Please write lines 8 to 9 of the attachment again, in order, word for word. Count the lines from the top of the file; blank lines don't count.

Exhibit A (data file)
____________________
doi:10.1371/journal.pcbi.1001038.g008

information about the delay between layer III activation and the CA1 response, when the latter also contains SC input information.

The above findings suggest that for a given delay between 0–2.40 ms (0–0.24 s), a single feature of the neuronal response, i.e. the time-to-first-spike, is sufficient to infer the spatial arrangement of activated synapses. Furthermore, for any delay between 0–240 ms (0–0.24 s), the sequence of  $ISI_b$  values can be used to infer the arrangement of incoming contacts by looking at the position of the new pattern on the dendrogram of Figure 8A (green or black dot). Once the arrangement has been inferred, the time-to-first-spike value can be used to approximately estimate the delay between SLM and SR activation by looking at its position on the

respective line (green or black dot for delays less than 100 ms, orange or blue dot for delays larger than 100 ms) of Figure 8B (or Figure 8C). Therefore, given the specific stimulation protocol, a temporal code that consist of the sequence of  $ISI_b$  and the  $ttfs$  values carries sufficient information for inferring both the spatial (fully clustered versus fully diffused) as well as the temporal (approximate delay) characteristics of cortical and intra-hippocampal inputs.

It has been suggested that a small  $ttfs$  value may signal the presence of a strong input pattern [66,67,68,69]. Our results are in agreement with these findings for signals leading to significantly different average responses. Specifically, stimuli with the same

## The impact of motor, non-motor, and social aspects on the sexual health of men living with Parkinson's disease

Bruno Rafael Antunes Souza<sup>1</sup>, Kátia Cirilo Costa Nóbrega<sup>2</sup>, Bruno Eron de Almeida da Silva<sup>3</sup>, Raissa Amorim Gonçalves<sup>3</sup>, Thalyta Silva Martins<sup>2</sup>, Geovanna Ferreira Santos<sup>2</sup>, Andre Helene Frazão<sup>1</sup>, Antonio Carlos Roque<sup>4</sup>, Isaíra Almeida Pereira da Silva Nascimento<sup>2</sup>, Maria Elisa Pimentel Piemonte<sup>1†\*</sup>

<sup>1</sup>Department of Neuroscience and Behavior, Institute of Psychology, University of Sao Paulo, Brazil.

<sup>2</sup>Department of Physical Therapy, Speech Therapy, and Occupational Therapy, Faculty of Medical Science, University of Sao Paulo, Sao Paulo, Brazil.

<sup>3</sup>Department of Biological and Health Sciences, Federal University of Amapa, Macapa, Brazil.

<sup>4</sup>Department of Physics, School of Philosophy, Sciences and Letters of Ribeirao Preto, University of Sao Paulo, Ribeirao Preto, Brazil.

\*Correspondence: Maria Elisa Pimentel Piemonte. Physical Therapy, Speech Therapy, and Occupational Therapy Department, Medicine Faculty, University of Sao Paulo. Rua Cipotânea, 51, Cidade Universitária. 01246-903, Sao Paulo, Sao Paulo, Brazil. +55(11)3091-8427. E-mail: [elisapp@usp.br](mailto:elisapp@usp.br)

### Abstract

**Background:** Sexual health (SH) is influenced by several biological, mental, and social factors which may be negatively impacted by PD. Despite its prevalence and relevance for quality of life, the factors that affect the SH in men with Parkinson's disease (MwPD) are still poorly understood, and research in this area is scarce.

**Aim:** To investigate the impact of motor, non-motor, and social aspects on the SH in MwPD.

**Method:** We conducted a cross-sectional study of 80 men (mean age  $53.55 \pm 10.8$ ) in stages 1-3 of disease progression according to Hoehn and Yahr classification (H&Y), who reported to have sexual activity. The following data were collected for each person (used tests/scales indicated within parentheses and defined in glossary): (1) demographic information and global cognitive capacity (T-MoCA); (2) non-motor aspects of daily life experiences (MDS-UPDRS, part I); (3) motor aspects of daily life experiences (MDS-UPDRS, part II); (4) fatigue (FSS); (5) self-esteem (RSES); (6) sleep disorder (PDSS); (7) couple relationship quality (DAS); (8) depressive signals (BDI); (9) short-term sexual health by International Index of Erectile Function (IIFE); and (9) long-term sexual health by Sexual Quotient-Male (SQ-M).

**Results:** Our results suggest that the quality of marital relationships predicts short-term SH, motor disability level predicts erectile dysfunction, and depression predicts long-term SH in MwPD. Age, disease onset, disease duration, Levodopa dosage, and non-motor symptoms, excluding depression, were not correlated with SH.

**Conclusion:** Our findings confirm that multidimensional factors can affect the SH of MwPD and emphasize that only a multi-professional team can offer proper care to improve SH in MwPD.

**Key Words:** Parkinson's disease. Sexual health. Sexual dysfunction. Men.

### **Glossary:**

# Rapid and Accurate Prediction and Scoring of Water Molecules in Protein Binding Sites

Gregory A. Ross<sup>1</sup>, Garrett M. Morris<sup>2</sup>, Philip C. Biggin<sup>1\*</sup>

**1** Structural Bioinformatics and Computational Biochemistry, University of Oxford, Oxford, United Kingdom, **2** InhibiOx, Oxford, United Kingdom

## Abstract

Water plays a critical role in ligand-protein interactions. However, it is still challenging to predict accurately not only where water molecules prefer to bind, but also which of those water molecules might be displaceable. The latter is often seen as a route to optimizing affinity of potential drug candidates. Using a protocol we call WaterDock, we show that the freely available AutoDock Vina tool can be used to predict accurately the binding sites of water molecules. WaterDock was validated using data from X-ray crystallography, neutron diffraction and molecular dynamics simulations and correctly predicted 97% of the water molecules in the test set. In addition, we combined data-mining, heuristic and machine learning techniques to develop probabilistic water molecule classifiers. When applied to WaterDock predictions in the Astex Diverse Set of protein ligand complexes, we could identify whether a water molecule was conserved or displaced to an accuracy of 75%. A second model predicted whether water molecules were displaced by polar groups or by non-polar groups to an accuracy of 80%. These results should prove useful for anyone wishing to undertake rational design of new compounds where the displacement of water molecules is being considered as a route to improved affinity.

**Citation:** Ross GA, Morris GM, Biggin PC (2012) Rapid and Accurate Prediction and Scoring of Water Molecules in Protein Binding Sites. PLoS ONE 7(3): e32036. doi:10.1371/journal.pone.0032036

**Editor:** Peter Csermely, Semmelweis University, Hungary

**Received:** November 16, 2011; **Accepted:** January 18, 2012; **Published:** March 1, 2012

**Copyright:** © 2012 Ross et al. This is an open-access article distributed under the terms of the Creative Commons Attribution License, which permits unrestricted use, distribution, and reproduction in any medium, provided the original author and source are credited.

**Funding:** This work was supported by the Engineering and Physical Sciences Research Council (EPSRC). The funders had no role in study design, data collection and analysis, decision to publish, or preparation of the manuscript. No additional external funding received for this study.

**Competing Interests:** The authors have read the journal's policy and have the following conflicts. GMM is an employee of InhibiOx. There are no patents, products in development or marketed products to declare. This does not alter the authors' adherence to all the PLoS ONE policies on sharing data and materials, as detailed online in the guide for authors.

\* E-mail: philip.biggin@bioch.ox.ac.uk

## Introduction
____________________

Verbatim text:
<sup>1</sup>Department of Neuroscience and Behavior, Institute of Psychology, University of Sao Paulo, Brazil.

<sup>2</sup>Department of Physical Therapy, Speech Therapy, and Occupational Therapy, Faculty of Medical Science, University of Sao Paulo, Sao Paulo, Brazil.